Attendees at business events basically all want the same thing: Ideas and connections that help them to do their jobs better. Pharma Forum, which concluded two days of in-person education for life-sciences meeting professionals on September 22, delivered in spades.
While the content was largely customized to the unique challenges for planners in the highly regulated medical field, lessons for organizers of every stripe came through from the stage at the Renaissance Boston Waterfront Hotel. Here’s a taste of what was discussed:
On Virtual-Event Engagement
The root of the engagement problem for virtual events comes down to the idea of attendees being “unseen,” said Meredith Shottes, CMP, chief experience officer, North America, Miller Tanner Associates. During a panel discussion on hybrid meetings, she noted that “the voice of the audience must impact the agenda being presented. Polling can be effective but only if the polling shifts what you are presenting.” And when comments and questions come in, presenters can drive engagement by highlighting their impact on the conversation, letting attendees know: “This was our plan, but your contribution is so important that we are now shifting our focus on that, and we'll get back on track later.”
While not possible in every virtual platform, Shottes is a strong proponent of finding ways to have the actual voice or face of attendees be heard or seen when they ask questions.
On Estimating the Cost of Hybrids
One of the challenges of the hybrid-event format is that it typically costs more than delivering a meeting just in-person or just virtually. How much more? Marriott International, which has been running virtual conferences since last November, had some estimates to share with the Pharma Forum audience.
Michael Clarke, Marriott’s director, B2B marketing and events, U.S. & Canada, Global Sales Organization, told the group that hybrid events are likely to cost 25 percent to 30 percent more for audiovisual and digital technology, 15 percent to 20 percent more for food and beverage because of increased service and packaging, and 10 percent to 15 percent more for well-being protocols, such as signage and on-site testing.
On Annual Business Reviews with Suppliers
Given the cancellations and postponements of the past year, what should planners do about the business reviews they typically hold annually with their preferred supplier partners? A panel of veteran planners at Pharma Forum were unanimous in their advice: Conduct them anyway. “Even if you’re using data from 2019, don’t shy away from conversations right now,” said Tori Mercun, associate director, Infinix Global Meetings & Events, noting that the meeting should be a safe space to understand ways that both sides can improve.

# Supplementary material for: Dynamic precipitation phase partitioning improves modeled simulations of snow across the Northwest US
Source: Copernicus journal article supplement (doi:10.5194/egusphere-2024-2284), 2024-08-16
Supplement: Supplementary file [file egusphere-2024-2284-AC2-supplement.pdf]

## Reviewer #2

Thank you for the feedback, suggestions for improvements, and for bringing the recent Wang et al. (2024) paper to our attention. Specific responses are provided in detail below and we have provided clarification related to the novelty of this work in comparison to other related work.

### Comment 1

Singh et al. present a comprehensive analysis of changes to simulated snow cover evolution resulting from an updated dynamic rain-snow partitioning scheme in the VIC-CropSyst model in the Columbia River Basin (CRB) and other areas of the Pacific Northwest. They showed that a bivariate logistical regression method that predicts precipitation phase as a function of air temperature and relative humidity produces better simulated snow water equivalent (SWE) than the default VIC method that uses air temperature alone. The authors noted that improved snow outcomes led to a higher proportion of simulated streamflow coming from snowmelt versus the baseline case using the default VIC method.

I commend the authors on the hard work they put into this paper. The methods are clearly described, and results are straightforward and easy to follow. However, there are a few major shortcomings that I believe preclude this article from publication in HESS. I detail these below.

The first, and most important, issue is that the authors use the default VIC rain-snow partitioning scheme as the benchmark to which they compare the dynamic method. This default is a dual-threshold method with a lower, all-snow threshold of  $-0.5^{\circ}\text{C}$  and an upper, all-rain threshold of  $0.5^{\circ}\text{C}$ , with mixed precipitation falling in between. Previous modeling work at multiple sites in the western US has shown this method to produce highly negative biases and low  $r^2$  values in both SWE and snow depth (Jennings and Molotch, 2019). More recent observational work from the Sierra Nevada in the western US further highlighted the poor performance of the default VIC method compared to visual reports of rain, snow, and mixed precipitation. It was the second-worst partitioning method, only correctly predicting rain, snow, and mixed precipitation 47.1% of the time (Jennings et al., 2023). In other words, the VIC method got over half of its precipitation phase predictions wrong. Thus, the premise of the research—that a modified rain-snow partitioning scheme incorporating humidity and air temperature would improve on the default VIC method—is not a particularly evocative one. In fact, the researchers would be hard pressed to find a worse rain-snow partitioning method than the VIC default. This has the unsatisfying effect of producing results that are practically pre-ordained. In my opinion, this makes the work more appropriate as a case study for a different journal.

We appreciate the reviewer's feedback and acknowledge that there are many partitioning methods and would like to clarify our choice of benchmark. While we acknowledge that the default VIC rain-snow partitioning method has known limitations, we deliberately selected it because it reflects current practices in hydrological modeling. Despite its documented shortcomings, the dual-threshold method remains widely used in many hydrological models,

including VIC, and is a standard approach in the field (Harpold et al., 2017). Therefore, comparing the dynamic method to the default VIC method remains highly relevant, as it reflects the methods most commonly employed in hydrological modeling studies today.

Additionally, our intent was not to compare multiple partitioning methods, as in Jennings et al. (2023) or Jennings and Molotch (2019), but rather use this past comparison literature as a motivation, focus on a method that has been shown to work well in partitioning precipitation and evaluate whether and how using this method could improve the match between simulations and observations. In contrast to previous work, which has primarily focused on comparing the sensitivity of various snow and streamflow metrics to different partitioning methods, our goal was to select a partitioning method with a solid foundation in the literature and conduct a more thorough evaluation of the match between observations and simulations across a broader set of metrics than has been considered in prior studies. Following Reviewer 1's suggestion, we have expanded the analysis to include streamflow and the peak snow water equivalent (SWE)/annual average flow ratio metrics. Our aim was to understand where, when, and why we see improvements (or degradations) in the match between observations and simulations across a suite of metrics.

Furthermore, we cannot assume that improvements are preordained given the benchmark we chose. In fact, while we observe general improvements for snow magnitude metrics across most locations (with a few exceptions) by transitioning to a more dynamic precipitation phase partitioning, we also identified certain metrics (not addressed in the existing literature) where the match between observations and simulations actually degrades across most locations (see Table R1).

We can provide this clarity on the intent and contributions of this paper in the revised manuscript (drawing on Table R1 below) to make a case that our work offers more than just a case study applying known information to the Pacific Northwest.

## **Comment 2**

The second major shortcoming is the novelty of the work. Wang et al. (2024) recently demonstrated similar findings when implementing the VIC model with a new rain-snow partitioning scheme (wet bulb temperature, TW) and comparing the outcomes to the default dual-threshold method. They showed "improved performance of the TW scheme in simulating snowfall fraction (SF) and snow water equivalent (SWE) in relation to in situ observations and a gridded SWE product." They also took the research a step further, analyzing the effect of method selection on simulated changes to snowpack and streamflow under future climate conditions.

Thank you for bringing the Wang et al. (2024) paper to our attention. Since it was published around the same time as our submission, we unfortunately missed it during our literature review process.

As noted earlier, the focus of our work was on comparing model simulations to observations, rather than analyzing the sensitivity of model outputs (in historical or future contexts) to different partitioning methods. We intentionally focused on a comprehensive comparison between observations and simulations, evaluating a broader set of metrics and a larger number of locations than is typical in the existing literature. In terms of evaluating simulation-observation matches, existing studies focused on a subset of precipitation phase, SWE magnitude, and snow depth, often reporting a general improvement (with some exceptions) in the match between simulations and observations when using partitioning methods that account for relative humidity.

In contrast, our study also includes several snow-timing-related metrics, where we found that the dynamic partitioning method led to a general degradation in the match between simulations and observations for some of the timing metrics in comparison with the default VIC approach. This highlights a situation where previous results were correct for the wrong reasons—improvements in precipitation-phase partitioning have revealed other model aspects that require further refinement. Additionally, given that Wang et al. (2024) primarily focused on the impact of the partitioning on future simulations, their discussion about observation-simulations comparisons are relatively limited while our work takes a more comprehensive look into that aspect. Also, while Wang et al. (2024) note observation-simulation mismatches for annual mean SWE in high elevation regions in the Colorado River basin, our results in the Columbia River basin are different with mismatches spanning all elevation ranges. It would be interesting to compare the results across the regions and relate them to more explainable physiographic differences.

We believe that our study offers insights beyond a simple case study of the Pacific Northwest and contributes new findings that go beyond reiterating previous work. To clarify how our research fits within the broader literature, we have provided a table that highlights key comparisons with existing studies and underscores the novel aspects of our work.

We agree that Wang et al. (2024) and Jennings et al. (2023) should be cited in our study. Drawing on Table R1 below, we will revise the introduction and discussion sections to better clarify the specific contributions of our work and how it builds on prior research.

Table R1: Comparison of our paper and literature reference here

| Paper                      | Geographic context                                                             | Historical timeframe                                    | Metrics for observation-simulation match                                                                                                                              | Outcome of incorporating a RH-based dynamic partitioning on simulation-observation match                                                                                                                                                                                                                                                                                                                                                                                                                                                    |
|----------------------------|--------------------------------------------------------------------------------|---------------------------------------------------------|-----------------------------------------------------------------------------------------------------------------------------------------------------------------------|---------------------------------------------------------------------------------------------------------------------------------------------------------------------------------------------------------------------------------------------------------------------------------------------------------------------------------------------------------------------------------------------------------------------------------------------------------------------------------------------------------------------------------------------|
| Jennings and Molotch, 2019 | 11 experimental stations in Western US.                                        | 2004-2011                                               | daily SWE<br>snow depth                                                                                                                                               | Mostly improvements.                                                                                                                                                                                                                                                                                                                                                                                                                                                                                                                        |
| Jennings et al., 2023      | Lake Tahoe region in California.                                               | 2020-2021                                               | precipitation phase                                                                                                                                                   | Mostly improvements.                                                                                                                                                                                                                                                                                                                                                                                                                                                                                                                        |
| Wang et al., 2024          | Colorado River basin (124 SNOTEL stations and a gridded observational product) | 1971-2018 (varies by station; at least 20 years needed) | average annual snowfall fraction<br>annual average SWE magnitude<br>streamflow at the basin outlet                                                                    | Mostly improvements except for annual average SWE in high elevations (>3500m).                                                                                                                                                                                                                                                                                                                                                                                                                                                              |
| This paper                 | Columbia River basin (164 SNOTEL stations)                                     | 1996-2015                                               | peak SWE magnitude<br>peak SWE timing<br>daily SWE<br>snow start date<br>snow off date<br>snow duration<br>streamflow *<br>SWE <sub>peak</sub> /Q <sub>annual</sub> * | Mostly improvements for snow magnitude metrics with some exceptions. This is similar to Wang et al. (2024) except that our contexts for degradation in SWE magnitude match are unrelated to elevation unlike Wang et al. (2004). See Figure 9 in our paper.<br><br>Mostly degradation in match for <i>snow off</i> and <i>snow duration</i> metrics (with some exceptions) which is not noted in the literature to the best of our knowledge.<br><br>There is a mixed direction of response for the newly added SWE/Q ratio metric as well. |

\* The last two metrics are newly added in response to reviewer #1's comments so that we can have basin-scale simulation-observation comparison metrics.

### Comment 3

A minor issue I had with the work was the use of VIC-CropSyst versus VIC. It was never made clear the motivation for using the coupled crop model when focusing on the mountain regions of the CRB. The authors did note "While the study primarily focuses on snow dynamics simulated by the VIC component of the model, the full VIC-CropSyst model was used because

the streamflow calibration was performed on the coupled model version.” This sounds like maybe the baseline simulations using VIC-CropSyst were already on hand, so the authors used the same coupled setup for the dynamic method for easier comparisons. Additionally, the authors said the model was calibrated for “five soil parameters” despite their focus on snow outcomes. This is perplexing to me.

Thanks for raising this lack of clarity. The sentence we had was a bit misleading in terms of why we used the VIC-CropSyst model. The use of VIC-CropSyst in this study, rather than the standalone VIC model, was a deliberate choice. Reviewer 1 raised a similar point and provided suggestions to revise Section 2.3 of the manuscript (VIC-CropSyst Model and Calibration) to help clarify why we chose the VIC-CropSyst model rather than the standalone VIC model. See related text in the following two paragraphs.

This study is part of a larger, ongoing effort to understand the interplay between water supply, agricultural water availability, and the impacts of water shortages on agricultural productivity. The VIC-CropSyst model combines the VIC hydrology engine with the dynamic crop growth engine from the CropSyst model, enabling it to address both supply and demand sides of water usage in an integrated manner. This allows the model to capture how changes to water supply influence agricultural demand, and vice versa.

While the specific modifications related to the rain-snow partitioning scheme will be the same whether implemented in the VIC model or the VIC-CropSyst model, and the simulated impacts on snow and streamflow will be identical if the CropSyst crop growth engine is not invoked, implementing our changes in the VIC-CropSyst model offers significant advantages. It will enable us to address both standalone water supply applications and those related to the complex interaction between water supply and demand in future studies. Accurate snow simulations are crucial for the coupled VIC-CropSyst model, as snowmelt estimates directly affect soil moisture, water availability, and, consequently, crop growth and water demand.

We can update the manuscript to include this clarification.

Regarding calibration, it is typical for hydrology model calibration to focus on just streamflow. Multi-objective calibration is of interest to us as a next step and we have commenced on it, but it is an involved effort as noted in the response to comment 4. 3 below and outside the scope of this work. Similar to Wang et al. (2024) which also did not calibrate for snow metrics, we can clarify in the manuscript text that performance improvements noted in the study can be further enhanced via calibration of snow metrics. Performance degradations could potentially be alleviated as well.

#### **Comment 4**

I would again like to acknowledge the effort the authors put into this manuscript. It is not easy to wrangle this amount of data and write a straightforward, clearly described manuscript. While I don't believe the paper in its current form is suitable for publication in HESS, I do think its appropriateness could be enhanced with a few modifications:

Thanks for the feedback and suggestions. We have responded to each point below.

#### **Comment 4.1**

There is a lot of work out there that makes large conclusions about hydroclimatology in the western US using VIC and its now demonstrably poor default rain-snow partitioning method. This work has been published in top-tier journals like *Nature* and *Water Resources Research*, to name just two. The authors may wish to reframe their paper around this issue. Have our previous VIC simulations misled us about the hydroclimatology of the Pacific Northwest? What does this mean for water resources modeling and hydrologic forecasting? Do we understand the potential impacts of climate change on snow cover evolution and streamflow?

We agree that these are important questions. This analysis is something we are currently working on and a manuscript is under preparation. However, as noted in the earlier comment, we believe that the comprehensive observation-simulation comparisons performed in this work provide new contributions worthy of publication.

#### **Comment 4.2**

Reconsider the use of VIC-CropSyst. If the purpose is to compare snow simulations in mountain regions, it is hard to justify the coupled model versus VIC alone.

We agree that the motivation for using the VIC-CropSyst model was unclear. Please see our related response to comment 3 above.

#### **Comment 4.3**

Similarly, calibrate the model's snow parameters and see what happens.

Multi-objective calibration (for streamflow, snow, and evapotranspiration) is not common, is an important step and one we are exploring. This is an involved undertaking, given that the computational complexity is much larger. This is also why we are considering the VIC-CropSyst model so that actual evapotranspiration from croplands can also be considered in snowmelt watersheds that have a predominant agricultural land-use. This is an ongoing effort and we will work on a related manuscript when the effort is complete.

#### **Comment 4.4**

Panelist Lillian Schaff, HMCC, PCA, DES, associate director, global congress lead, EMD Serono, added that her department has not only retained its bigger annual business reviews, which involve procurement and other departments, but have also added smaller monthly check-in meetings with supplier partners. And the findings from those check-ins are being rolled up into quarterly reviews. “As we adapt to the new normal, we wanted to give them a chance to react a little quicker. These have been received very well because suppliers feel they have a chance to connect and correct.
Check-ins, it was noted, are helpful on the supplier side because hiring is often based on forecasting. With the uncertainty of events right now, any information suppliers can get on their partner’s plans is a benefit.
On Today’s Hiring Priorities
Common wisdom says that those joining the meeting profession today must have a strong grounding in technology. While those virtual-meeting and data skills are highly sought after, two veteran planners shared their priorities when asked if what they look for in a new hire is different now than before the pandemic.
For Wendy Ashmen, HMCC, executive director, MJH Events, MJH Life Sciences, the watch word is resiliency. “When we bring candidates in, I want to find somebody who is going to be able to mentally shift with the unexpected and is open to learning new things,” she said. “My goodness, a year ago how many of us thought we’d know as much about platforms, and building virtual environments, as we do now.” The goal is to find people who are “mentally willing” to make that kind of shift “and to embrace it.”
Shottes of Miller Tanner Associates added that the qualities of an empathetic coach are also important today. “More than meeting professionals, event professionals, or design professionals, our key skills have been as therapists and educators like never before.” Shottes also said that the conversations about dropping a favorite face-to-face event are something akin to “grief counseling” followed by a lot of education about the alternative virtual experience. “How do you help a client, and your own internal team, navigate the ups and downs of this time? In terms of our skill set, never has the humanity of our industry been more important. Being willing to take the time to walk someone through that process as an educator and sometimes as a counselor.”